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Russia Looks For New Way To Curb Grain Exports When Needed: Kommersant

Published on Dec 13 2019 12:20 PM in Supply Chain tagged: Trending Posts / Wheat / Russia / World News / Grain Exports

Russia Looks For New Way To Curb Grain Exports When Needed: Kommersant

Russia is looking for a new way to restrict grain exports at the level of the country's exportable surplus under "certain market conditions", agriculture minister, Dmitry Patrushev, told the Kommersant newspaper.

In 2010, Russia stunned world markets with a total ban on grain exports following a poor crop. In 2015, it used informal interventions to limit exports, which made it difficult for traders to meet their forward contracts.

Since becoming the world's largest wheat exporter, the country has used less dramatic instruments such as a grain export tax, which is at zero now but can be raised by the government quickly if needed.

Needs Of The Domestic Market

The priority of the agriculture ministry is the needs of the domestic market and food security of the country, Patrushev said in an interview with Kommersant released on Friday.

"We cannot allow domestic grain prices to fall or rise significantly, or for the domestic market to be short of grain for livestock farmers or flour millers. Since we live in a market economy, under certain conditions our esteemed exporters may want to export everything. Of course, we cannot allow that."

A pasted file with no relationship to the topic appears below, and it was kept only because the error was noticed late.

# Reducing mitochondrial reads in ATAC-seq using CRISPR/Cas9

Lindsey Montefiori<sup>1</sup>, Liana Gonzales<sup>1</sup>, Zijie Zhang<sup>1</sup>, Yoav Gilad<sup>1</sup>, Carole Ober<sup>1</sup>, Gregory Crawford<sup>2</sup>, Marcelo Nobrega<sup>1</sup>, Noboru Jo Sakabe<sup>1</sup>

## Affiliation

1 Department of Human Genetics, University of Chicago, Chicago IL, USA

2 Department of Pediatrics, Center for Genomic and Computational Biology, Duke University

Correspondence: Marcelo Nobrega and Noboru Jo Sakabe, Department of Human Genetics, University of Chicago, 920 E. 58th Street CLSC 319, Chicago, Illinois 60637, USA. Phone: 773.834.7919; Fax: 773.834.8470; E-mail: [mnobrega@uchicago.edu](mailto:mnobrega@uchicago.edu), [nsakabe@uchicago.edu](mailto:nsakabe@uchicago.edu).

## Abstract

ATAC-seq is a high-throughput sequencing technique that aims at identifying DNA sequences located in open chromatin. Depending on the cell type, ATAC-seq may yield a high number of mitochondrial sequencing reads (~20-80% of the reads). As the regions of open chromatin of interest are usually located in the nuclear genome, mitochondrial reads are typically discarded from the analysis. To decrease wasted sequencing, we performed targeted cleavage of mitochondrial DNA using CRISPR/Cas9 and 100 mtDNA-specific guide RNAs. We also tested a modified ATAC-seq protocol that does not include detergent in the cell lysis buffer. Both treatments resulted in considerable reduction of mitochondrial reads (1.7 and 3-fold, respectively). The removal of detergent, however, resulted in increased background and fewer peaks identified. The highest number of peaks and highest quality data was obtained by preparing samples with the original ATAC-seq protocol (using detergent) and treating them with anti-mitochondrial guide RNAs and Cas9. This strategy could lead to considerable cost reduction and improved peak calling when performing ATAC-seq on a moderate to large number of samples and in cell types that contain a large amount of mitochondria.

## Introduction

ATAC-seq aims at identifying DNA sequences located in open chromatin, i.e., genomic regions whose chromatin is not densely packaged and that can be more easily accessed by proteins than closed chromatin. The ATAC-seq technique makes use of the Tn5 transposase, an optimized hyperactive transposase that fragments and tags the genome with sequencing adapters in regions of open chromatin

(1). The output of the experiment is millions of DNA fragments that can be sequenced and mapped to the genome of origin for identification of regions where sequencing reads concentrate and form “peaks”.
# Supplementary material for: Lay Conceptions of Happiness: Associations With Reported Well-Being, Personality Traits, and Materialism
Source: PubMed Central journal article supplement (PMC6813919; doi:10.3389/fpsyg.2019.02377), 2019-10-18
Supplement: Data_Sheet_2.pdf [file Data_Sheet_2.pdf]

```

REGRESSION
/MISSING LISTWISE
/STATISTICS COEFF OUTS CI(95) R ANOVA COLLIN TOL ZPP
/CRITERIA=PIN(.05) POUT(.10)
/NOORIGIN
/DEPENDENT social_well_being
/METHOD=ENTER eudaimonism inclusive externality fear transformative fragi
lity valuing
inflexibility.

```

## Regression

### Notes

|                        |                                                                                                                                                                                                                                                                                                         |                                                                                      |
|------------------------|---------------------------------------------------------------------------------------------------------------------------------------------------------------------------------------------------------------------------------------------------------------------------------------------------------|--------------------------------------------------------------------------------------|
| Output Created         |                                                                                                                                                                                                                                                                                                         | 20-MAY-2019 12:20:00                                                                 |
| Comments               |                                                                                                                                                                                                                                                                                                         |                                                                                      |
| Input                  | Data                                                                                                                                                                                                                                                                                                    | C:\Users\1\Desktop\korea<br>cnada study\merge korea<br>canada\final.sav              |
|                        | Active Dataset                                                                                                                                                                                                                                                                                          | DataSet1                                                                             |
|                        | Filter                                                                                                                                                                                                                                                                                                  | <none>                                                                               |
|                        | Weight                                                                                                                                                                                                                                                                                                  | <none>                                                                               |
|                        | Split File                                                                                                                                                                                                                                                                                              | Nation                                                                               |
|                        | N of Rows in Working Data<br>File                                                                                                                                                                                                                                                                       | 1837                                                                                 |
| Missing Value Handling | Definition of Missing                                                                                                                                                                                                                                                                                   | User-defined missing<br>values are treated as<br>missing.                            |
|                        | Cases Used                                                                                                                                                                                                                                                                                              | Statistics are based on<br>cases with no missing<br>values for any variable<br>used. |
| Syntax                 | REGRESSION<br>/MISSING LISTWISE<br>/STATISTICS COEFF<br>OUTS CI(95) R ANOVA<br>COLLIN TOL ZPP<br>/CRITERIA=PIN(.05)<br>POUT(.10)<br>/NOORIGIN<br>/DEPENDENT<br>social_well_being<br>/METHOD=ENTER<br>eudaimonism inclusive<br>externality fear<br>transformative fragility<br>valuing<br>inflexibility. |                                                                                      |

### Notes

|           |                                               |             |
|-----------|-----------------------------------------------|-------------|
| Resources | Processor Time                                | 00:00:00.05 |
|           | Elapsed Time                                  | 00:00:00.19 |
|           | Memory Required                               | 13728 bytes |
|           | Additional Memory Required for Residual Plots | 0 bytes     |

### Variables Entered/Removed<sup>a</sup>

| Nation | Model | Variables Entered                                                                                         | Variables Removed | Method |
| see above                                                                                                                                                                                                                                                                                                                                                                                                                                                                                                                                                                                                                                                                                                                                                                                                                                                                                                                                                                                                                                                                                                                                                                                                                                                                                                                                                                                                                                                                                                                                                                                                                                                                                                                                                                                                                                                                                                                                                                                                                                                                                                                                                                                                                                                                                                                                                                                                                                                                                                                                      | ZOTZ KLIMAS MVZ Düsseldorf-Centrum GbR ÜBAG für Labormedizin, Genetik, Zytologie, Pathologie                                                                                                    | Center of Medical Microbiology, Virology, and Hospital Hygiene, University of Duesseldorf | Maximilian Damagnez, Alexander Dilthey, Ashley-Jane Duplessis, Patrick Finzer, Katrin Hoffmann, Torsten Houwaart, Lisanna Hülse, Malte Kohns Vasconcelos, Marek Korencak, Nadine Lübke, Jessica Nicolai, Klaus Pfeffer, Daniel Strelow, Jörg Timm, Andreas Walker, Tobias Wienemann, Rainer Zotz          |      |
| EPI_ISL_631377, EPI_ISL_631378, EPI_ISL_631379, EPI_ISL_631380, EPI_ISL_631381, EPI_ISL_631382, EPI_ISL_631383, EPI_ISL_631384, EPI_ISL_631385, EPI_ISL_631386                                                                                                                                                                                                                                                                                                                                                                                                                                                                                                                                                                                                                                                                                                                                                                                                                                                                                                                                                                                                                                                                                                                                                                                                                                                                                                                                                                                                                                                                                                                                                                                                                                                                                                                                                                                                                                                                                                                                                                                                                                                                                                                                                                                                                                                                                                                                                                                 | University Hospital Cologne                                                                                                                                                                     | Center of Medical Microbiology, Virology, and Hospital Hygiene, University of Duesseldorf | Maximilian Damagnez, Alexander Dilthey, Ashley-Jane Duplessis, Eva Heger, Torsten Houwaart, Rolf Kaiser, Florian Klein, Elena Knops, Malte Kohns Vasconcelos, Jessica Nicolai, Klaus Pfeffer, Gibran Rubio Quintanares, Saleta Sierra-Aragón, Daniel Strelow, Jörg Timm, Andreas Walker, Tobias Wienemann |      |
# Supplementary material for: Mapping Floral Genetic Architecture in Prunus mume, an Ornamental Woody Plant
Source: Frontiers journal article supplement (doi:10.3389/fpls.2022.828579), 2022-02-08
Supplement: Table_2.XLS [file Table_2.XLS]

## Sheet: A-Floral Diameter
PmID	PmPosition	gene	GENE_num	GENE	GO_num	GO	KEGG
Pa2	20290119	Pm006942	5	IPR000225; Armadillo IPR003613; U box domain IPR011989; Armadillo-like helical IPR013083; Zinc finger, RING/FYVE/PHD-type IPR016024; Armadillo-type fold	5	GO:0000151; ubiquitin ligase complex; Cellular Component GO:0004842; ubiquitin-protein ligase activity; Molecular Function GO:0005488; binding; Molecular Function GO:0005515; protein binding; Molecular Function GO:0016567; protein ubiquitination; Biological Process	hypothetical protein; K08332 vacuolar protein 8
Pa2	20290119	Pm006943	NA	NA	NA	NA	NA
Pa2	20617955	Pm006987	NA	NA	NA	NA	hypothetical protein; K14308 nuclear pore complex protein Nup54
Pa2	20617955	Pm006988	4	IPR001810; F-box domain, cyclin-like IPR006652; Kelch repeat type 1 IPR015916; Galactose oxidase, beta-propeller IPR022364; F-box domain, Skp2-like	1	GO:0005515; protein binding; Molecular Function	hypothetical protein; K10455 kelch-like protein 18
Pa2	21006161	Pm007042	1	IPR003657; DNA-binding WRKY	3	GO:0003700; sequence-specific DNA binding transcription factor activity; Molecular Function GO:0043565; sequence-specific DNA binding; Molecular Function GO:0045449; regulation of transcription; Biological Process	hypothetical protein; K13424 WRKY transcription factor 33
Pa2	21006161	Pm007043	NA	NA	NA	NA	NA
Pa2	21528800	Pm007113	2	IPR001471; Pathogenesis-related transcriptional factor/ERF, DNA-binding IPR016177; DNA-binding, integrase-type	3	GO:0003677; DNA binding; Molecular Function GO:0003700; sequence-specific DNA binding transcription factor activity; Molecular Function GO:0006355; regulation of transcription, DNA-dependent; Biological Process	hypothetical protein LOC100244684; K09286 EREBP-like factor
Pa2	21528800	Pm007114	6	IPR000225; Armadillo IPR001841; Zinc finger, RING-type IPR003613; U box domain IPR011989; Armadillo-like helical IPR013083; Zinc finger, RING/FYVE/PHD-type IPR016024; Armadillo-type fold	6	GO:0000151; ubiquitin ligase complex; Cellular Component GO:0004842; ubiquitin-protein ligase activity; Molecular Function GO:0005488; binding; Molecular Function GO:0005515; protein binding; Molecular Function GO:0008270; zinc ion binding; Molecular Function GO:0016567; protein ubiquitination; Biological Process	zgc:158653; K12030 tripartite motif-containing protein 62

The new mechanism being worked on would provide a base to restrict grain exports, but it would only be activated if it was strictly necessary, the minister said.

He gave no further details on how the mechanism would work.

Global Grain Organisation

Patrushev also said he supported an idea from deputy Prime Minister Alexei Gordeyev, a veteran of Russia's farm sector, to create a global grain organisation along the lines of the Organisation of the Petroleum Exporting Countries (OPEC).

Gordeyev has periodically lobbied for a "grain OPEC", which would aim to ensure stability in the grain market, coordinate price policy and solve world hunger problems and might include Russia, the European Union, the United States, Canada, and Argentina, among others.

"I believe that the key grain-producing countries should sit down and negotiate, pay more attention to cooperation in ensuring the stability of the grain market, the formation of pricing policy," Patrushev said.

The issue "clearly requires additional work, for example, at the next meeting of the International Grains Council," he added.

Russia is one of the world's largest oil producers, but is not a member of OPEC. It is, however, a member of the World Trade Organization (WTO).

News by Reuters, edited by ESM. Click subscribe to sign up to ESM: European Supermarket Magazine.

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